• Similar to food boundaries, alcohol boundaries can feel even harder to set, since parties often center around alcohol. If you are choosing not to drink, the same foundation applies: you are worthy of making that choice and having it respected. Ellen often brings seltzer to a party. It’s a non-alcoholic option that both she and other attendees can enjoy. If you’re carrying a glass, people don’t usually question what it contains.
    • When people have strong reactions and objections to our dietary choices, there can be a lot of reasons behind those reactions. The important thing to remember is that it’s not about you – it’s about them. You don’t have to drink alcohol, or eat certain foods, to make other people comfortable.
    • The dietary boundaries we set are a radical form of self-love that supports our own wellbeing. If people challenge Ellen, she simply says: “This is how I take care of myself.” It’s clear, calm, and puts the emphasis on her own needs. It’s not about the other people.
    • If you do break your own boundaries under pressure from other people, it can be interesting to reflect on why you chose to do that. Not in a shameful way, but rather in a way that leads to more self-awareness. Sometimes, we want people to challenge our boundaries so we have an excuse for breaking them and can then blame other people. (Note: this is different from knowing our wiggle room on a healing diet and intentionally allowing some food freedom with consequences we know we can manage. Breaking a boundary is different. It’s all about intention and whether we are directed by inner wisdom vs. outer pressure.)
    • Other Helpful Podcasts: Ep. 127 – Social Lives and the AIP and Ep. 95 – Religious Traditions and the AIP.
  • Financial Boundaries: Holiday Gifts (48:17)
    • There’s a lot of spending pressure around the holidays, and many people go into debt to meet those expectations. Just like other boundaries, we can set spending boundaries around the holidays too.
    • In mutual gift giving situations, one option is to pick a dollar amount that suits your budget, and ask everyone if they’re willing to stay within that dollar amount. Explain that you’re trying to keep your financial health this holiday season. Often, the other people feel liberated. They have budgets too. This also expresses the value that you don’t show your love with a dollar sign.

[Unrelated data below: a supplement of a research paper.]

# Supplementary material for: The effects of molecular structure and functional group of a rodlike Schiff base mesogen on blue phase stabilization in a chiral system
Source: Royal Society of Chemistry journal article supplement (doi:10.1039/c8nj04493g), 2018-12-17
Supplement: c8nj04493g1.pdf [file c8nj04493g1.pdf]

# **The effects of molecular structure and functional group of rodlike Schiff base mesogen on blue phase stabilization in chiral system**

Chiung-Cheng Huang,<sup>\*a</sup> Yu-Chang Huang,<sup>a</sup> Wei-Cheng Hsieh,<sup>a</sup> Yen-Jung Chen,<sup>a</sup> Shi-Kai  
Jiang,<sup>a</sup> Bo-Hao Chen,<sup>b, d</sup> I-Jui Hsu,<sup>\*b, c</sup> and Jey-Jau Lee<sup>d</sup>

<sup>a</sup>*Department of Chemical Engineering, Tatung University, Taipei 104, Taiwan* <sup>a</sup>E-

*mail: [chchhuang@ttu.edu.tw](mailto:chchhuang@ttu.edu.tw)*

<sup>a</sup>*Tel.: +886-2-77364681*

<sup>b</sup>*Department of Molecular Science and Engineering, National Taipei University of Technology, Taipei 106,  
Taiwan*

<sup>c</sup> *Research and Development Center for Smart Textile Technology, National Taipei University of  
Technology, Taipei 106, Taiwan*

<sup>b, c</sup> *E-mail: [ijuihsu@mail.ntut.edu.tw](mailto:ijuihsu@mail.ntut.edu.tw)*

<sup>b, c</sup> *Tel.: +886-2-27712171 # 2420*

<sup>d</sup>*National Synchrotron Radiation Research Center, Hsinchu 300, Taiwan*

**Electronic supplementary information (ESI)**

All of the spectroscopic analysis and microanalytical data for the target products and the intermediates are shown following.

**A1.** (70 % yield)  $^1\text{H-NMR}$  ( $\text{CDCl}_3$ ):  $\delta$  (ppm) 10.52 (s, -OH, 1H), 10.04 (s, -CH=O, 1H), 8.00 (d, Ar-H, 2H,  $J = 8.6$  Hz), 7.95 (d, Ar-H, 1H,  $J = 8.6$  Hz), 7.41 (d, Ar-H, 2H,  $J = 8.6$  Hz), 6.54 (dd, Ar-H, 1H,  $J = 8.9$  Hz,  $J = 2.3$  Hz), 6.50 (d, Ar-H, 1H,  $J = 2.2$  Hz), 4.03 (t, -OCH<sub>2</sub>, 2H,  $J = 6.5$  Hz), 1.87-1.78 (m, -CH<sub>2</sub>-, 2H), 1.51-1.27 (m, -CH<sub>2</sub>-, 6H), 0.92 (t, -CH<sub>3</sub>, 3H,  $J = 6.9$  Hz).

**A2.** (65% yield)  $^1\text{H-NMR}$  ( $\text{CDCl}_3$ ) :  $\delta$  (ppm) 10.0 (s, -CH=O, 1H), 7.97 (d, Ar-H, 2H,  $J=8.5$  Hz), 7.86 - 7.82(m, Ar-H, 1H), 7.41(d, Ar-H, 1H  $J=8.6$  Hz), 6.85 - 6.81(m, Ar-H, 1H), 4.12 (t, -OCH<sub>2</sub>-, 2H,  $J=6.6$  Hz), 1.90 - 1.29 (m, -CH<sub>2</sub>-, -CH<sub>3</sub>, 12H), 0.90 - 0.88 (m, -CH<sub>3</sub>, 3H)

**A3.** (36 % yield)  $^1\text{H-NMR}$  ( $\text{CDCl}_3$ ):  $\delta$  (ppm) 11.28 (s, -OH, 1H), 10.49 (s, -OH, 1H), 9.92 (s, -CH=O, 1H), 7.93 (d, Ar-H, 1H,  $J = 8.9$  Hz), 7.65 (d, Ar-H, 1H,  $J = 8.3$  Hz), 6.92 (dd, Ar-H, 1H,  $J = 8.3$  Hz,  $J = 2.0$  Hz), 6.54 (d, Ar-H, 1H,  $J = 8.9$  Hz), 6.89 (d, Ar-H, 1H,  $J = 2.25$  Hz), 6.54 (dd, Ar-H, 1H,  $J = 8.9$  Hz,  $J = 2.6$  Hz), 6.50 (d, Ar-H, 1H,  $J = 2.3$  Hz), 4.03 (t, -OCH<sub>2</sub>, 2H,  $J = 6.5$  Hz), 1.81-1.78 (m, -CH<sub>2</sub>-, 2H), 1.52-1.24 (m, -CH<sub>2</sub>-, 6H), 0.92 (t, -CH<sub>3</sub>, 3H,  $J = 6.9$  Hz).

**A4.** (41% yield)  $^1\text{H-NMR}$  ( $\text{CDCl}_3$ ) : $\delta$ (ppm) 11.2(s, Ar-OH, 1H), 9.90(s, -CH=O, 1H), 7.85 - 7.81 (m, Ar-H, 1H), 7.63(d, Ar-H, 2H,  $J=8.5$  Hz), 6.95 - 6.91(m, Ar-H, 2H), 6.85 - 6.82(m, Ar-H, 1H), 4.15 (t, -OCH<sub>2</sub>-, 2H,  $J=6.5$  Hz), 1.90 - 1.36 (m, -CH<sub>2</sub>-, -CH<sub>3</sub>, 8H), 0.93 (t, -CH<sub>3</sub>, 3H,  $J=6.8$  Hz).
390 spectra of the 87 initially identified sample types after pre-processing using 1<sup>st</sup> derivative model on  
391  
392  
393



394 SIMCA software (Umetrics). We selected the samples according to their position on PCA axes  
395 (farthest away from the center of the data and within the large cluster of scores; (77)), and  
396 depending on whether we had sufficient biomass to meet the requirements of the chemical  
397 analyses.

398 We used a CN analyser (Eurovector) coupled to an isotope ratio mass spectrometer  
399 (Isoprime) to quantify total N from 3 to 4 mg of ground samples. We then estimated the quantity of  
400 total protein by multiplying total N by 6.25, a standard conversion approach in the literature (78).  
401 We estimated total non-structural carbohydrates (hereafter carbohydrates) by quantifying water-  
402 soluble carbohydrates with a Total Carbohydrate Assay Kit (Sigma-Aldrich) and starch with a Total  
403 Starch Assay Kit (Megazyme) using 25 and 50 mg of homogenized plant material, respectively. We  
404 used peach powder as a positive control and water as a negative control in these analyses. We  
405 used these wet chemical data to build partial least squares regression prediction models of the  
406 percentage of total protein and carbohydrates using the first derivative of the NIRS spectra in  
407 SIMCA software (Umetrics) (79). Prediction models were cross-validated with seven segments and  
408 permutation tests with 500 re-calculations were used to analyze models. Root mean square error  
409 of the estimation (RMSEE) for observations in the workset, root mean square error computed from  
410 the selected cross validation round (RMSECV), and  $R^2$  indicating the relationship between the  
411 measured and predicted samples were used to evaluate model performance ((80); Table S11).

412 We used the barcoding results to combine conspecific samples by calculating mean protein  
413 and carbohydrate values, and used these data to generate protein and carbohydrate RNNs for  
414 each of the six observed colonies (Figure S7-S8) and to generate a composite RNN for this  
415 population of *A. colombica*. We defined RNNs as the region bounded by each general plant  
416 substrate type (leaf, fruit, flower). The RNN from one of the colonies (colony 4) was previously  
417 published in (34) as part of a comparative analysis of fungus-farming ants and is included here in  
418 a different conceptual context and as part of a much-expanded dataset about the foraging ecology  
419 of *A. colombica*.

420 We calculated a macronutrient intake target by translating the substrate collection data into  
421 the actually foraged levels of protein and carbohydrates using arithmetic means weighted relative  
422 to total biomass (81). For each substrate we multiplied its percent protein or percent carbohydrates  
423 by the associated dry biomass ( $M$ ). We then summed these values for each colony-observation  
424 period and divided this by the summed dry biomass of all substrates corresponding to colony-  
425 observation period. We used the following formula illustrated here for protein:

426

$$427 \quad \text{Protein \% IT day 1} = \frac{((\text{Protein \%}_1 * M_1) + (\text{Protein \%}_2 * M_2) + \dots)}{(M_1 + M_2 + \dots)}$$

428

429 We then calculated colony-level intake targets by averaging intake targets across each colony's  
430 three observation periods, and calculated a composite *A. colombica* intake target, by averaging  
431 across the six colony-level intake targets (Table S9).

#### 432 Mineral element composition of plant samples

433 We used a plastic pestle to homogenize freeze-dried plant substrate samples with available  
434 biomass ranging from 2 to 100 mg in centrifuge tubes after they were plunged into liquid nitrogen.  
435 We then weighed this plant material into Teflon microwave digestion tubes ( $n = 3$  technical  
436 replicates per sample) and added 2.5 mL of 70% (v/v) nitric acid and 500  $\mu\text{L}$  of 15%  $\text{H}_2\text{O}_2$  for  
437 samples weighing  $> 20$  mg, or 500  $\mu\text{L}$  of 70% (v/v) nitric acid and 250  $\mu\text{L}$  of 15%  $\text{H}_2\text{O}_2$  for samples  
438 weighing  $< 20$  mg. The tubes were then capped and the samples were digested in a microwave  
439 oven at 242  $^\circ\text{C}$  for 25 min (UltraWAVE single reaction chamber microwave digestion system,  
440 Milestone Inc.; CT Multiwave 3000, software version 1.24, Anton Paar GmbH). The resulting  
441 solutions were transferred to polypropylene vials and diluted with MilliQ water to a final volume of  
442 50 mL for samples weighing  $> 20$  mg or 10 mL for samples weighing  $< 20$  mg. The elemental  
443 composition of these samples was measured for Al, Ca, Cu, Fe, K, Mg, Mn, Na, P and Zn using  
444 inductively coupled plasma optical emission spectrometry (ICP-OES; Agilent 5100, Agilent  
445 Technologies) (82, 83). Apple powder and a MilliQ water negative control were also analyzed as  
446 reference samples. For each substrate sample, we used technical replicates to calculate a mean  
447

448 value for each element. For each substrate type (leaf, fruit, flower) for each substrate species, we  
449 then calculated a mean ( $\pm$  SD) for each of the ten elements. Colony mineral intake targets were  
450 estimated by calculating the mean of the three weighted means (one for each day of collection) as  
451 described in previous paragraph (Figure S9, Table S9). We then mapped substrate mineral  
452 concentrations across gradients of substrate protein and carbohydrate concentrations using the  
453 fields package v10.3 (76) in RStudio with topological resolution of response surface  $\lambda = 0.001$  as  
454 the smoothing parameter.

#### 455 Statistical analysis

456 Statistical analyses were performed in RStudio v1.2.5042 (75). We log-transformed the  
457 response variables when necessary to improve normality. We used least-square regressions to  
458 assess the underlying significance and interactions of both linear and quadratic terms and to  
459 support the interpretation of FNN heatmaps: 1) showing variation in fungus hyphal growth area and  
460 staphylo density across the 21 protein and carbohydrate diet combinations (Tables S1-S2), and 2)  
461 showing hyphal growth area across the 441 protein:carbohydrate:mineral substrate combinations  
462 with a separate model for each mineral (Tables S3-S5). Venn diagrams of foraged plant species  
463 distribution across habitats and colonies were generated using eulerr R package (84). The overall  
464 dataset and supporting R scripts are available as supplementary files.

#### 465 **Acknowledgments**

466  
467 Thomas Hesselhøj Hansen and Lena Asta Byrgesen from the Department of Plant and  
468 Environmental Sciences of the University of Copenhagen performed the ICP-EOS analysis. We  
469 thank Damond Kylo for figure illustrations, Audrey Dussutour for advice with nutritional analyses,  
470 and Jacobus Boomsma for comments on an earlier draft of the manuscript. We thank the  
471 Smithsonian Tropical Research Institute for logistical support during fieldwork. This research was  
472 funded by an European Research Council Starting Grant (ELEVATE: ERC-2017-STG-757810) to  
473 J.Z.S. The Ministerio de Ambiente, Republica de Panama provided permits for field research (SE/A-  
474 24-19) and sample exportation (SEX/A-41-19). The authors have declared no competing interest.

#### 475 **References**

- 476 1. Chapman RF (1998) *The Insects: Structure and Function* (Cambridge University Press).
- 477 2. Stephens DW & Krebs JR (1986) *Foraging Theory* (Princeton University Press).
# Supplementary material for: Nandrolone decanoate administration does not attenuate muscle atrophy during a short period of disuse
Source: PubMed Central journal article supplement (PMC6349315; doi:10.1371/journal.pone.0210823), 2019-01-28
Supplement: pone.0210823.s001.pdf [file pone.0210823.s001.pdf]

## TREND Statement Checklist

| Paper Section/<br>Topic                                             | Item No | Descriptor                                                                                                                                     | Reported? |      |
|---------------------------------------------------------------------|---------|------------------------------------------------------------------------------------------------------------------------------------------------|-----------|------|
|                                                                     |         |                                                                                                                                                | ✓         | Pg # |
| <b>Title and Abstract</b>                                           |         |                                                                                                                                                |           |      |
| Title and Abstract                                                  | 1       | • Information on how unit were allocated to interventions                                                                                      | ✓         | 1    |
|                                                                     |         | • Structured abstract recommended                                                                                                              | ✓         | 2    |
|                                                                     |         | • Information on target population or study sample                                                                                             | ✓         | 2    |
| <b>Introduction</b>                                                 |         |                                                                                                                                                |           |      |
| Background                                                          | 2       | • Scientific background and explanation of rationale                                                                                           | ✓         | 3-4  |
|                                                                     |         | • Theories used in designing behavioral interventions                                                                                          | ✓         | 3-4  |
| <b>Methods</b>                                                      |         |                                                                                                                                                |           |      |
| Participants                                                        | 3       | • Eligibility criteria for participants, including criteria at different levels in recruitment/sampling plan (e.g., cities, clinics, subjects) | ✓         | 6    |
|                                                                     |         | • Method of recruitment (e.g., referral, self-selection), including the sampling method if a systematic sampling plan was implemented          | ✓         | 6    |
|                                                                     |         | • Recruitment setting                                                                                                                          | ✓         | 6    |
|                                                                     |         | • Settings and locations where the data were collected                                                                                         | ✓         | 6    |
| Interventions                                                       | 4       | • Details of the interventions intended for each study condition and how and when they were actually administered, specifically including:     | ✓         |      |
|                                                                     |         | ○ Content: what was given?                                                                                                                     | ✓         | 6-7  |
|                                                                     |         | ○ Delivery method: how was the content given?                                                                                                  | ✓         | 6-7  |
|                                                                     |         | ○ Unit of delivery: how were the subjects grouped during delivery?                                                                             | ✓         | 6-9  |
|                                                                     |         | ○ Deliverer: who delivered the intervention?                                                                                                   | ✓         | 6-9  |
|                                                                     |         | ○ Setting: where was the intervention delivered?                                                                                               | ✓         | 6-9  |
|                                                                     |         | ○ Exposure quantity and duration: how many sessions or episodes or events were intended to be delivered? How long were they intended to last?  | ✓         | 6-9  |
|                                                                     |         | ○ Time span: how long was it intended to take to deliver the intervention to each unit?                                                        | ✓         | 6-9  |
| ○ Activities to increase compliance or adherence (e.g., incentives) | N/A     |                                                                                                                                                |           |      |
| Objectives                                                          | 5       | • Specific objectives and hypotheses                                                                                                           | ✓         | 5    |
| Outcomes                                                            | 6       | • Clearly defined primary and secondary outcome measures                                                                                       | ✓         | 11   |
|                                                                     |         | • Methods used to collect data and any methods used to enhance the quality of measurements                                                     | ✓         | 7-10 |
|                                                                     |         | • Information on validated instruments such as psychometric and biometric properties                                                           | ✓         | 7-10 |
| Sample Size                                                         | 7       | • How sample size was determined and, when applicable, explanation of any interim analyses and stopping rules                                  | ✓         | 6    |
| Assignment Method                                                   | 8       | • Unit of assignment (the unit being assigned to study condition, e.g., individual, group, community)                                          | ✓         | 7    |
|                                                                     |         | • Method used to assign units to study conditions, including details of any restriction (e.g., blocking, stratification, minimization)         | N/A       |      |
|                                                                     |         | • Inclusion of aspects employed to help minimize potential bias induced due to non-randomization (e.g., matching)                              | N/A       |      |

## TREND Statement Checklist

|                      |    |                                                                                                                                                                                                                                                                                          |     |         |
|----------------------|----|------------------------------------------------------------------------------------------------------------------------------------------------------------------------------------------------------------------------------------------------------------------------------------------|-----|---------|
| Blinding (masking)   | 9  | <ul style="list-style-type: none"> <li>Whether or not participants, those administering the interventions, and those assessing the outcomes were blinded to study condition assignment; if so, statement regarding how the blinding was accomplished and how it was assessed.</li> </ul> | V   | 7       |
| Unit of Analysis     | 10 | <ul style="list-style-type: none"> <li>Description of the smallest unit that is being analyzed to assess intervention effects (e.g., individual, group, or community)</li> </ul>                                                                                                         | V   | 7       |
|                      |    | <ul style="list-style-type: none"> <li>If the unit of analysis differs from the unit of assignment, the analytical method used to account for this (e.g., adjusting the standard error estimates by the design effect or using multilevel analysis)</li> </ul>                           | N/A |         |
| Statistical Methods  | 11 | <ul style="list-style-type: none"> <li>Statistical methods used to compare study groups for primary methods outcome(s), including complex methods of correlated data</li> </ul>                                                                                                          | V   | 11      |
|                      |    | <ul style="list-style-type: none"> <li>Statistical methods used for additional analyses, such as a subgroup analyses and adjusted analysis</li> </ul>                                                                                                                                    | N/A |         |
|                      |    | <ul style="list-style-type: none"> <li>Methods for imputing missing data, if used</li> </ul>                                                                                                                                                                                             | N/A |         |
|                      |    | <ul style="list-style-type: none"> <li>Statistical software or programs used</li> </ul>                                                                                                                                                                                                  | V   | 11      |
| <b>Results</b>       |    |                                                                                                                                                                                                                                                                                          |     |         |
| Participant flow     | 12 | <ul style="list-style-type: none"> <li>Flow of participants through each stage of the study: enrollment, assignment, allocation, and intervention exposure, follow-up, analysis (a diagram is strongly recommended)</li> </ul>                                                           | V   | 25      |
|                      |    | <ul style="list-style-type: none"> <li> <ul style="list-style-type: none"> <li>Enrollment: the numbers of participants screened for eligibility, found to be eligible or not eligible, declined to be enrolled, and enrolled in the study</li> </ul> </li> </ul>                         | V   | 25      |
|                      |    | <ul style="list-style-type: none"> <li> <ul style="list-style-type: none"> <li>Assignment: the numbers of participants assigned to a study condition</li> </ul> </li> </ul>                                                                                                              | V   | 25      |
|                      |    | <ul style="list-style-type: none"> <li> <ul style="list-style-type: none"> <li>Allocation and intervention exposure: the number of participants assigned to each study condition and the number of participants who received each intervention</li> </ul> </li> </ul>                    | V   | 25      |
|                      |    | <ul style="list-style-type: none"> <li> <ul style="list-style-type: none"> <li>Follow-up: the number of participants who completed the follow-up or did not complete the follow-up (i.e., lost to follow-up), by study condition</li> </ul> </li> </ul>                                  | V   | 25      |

• There are more revolutionary approaches as well, like questioning the idea of gift giving altogether. Agree to do something else instead. Maybe write each other heartfelt notes. Maybe craft a group experience. This shifts the focus away from consumerism, and instead on expressing love and connection in other ways.
  • When We Break Our Own Boundaries (50:39)
    • Holiday boundaries can be challenging and we are imperfect people. We might find ourselves eating food that causes a flare, or overbooking our schedules and getting exhausted, or overdoing gifts and going into debt.
    • We can feel a lot of shame when this happens. Self-forgiveness is part of the process of learning to set boundaries. If you’ve experienced childhood trauma, shame might be something you were taught young, and it might be a feeling that is tapped quite easily, where mistakes make you feel like there’s something deeply wrong with you.
    • Childhood trauma also increases the risk of developing autoimmune disease, and there are many possible reasons. The stress alone is enough to dysregulate the immune system. But there’s also a possibility that deep shame triggers an autoimmune response. If that resonates with you, a path forward is radical self-love and self-acceptance and finding a safe way to process that shame, realizing that you didn’t do anything wrong as a child, and you are not fundamentally bad now.
    • The ability to set and maintain boundaries is based in a feeling of self-worth – that we are worthy of having our needs met. Healing shame is foundational to believing in that self-worth.
    • This isn’t something that happens overnight. It’s a process. One step in this direction is noticing when we break a boundary, making a conscious choice to do so, and instead of feeling shame, make a promise to our body that we’ll explore this further in the future. It’s like couple’s therapy with your body. Let your body know that while compromising the boundary wasn’t ideal, your body is still worthy of having its needs met. That internal conversation can be very healing.
  • The Anatomy of Anxiety (54:02)
    • Ellen’s book focuses on reducing anxiety in all areas of our lives, including anxiety surrounding boundaries.
    • It’s written through a functional medicine lens and divides anxiety into two types:
      • False (or avoidable) anxiety is our body tipped into a stress response from some state of physical imbalance. The first half of the book focuses on practical tips for restoring balance.
      • Purposeful anxiety isn’t due to a physical imbalance, but it’s also not necessarily a pathology. It’s our inner compass, nudging us to course correct when needed. The second half of the book helps people listen to this anxiety and the wisdom it may hold.
  • Outro (56:12)